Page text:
While Buford is indulged, to a certain extent, by the Babbo cooks because he is "the writer guy," he does manage to share information about food handling that is unavailable to the dining public. When not blistering his knuckles in roiling oil or singeing the hair off his forearms, he is able to capture moments that increase the amateur's understanding of restaurant kitchen hierarchy. There is a fascinating passage on "bumping," the aggressive territorial behavior of line cooks who lack room to maneuver (even the husky Batali gets shoved on occasion, although not without consequence).
Now and then, Buford's narrative departs from the Babbo inferno to retrace—and in some cases relive—Batali's professional life, from his days as a pizzeria-managing party boy at Rutgers to his life-changing internship at a humble trattoria in Emilia-Romagna. Traveling to Italy to meet the restaurant family who took Batali in, Buford becomes fixated on the delicate tortellini made by the trattoria's former owner, who makes him swear not to reveal the secret technique to her former pupil. In another chapter, Buford heads to Chianti and attaches himself to Dario Cechchini, a Dante-spouting butcher celebrated for his "ideological" bistecca fiorentina. In one scene, Cecchini urges Buford to go home after a long night of eating and make love to his wife: "For the rest of the night, you must enact the dark acts of carnality, a butcher's carnality. And then you will rise in the hours before dawn, smelling of carnality, and unload the meat from the truck, like a butcher."
Buford also makes a trip to England to meet Batali's quixotic mentor, the influential, famously volatile chef Marco Pierre White. At one point, White recalls his former apprentice: "'He was wilde. Hard-core. Joy Division was his favorite band, and that says it all' White put his finger on his nose and sniffed. 'Know what I mean?'"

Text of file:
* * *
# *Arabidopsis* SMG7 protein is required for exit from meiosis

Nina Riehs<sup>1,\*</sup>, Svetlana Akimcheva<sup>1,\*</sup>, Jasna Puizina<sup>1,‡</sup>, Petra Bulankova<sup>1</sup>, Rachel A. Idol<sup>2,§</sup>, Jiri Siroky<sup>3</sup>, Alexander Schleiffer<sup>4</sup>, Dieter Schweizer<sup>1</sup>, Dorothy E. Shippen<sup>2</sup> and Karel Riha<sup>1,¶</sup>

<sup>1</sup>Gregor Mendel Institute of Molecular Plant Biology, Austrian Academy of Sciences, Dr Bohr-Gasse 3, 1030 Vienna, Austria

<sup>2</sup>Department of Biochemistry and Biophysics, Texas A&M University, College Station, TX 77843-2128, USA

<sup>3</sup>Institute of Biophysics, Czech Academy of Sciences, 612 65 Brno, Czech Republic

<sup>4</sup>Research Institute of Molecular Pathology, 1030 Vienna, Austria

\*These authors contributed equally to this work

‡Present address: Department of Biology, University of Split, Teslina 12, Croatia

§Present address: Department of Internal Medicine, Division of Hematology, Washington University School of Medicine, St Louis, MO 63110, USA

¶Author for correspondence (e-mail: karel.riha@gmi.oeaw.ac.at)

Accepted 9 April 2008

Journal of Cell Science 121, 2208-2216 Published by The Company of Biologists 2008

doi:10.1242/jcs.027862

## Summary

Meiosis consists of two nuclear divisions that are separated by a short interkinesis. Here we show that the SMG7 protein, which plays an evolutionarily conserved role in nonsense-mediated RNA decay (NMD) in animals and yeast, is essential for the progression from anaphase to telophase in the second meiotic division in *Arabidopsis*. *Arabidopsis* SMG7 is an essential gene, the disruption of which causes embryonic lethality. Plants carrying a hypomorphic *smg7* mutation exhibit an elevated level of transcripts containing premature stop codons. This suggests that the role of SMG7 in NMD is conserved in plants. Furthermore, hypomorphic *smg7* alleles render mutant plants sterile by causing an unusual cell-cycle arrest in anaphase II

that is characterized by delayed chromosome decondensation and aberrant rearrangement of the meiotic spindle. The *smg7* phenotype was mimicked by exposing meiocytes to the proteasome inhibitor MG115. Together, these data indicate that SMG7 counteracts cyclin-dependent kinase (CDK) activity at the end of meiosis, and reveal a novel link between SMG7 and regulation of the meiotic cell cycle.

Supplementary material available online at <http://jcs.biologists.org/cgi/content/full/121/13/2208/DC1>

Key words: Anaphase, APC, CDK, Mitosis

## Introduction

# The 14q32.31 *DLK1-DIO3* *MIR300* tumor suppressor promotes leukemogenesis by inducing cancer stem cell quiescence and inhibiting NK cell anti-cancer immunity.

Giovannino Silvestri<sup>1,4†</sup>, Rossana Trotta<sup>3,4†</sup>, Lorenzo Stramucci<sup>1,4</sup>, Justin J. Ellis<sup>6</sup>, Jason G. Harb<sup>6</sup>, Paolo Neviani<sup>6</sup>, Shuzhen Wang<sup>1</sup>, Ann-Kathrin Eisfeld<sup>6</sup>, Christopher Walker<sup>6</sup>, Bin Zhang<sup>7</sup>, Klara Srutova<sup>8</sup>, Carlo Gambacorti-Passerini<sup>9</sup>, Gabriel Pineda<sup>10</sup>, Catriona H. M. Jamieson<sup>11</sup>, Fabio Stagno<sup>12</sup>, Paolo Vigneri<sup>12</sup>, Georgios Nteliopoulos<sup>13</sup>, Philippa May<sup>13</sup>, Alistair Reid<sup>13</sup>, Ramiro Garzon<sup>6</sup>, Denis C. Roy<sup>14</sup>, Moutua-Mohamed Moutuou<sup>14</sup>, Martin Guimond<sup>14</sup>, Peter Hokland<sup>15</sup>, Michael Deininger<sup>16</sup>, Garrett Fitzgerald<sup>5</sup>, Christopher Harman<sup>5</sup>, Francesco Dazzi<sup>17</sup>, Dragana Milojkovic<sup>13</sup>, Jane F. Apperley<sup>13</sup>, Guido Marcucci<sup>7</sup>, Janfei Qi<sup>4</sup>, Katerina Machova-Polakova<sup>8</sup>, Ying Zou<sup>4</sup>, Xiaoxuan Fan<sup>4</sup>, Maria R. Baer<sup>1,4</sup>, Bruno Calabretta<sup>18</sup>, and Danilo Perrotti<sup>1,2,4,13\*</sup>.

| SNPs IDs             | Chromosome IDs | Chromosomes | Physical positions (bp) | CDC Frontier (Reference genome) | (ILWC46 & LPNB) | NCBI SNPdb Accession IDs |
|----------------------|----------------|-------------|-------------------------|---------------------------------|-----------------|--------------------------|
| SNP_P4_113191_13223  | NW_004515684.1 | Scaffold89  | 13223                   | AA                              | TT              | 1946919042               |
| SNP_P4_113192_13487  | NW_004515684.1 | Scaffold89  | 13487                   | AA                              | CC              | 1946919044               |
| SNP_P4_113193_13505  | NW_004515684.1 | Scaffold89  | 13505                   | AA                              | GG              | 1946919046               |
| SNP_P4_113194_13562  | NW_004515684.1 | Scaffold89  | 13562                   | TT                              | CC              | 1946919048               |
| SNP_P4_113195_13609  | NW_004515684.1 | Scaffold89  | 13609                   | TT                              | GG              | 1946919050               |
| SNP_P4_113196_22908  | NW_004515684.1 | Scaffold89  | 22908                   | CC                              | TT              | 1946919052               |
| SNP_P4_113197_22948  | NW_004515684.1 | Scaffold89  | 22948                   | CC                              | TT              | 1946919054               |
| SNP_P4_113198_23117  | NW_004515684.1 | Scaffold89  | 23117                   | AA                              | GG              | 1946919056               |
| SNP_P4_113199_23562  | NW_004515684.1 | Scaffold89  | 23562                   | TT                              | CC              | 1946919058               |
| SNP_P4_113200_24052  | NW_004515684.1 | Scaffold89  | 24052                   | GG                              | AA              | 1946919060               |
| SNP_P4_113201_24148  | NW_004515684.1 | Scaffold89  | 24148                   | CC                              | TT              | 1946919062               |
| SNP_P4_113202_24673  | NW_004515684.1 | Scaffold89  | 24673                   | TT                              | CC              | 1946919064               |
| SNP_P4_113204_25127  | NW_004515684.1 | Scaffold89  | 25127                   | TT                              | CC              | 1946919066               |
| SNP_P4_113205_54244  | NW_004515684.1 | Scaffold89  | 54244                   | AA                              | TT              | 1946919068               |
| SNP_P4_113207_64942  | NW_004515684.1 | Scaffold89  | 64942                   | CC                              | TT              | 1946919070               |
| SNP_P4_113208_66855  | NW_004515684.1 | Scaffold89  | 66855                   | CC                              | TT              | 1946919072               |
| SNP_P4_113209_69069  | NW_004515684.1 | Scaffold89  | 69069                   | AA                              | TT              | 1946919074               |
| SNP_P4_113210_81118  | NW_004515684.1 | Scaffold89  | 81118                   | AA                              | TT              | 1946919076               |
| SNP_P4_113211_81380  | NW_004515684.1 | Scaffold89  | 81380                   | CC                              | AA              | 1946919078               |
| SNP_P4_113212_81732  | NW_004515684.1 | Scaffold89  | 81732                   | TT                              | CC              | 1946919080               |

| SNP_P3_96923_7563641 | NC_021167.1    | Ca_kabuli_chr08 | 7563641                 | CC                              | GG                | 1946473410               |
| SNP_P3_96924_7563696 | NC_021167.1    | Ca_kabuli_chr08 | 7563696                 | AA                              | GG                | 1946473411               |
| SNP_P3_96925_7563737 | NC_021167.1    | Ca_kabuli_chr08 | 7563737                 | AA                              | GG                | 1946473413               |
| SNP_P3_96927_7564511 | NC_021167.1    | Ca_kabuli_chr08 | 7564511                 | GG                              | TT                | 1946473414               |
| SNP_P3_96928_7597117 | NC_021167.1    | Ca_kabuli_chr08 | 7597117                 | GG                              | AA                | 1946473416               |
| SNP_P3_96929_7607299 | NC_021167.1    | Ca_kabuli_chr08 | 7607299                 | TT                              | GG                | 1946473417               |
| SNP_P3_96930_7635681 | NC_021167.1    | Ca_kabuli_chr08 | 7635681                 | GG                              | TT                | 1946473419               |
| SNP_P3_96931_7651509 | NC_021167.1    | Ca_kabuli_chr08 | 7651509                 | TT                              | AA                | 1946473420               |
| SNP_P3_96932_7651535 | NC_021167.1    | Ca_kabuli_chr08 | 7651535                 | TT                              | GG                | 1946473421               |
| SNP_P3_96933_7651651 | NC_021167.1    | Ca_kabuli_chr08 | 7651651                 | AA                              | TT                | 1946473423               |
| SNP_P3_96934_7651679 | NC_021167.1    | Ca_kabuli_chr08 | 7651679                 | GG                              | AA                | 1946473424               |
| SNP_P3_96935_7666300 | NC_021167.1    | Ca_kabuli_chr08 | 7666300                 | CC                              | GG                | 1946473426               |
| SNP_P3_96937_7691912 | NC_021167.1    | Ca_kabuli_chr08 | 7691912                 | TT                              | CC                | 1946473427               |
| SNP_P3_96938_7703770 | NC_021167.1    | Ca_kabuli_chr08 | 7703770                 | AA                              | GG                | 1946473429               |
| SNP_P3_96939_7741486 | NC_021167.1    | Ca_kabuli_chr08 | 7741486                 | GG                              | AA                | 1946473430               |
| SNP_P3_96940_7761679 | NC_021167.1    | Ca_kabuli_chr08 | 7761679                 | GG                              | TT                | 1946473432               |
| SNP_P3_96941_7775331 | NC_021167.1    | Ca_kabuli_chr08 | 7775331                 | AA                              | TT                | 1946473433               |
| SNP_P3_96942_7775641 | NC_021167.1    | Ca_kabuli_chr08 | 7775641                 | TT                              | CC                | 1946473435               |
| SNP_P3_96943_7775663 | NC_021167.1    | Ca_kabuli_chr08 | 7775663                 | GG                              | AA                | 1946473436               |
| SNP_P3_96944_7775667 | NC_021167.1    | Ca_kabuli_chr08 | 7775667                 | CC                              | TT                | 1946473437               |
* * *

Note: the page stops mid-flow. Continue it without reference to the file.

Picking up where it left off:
Even as he profiles Batali, Buford describes his own evolution from a clueless wannabe to a passable authority on Italian food. In one passage, toward the end of the book, he crows, "I sat down with Mario and jabbered away about girello, speculated on what could be done with the sottofesa, enumerated the miracles that can be performed on a shank. I'd assumed anyone who had spent time in Italy knew this stuff. I hadn't recognized that not [sic] even most Italians didn't." He rhapsodizes about Babbo ingredients (short ribs and polenta) and attempts to pinpoint the first historical reference for combining eggs with flour to produce pasta. At times Buford comes across as a novice food writer. He would have served readers, and himself, better by doing more research to support his fascination with rustic food culture. When puzzling over why Italians in the 16th century weren't boiling corn and eating it slathered with butter, he doesn't seem to realize that the maize introduced to the old-world diet, and subsequently used for polenta, bears only the slightest genetic resemblance to the silver queen sold at the supermarket.
Ultimately, Heat is less a studied exploration of the influence of Italian cuisine than a steamy romance about big men and their equally large appetites. (A few female cooks populate its pages, but they play secondary roles.) In the last chapter, titled "Dinner with Mario," Buford recounts a Rabelaisian evening with his molto mentor that includes a case of wine, 43 or 46 plates of food (he understandably loses count), and the playful, yet lurid, propositioning of the wait staff at Lupa, another Batali venue. Why do we find these culinary delinquents and their excesses endlessly fascinating? Why does Buford? Is it because, like samurai and back-street fighters, they carry knives and aren't afraid to wield them? The goody-goodies in white toques also get away with murder (as long as it's just chicken), but frankly, trailing the screamers, the spitters, the knife throwers, and the chemically dependent is far more titillating. And if you can perfect your ragú in the process, so much the better.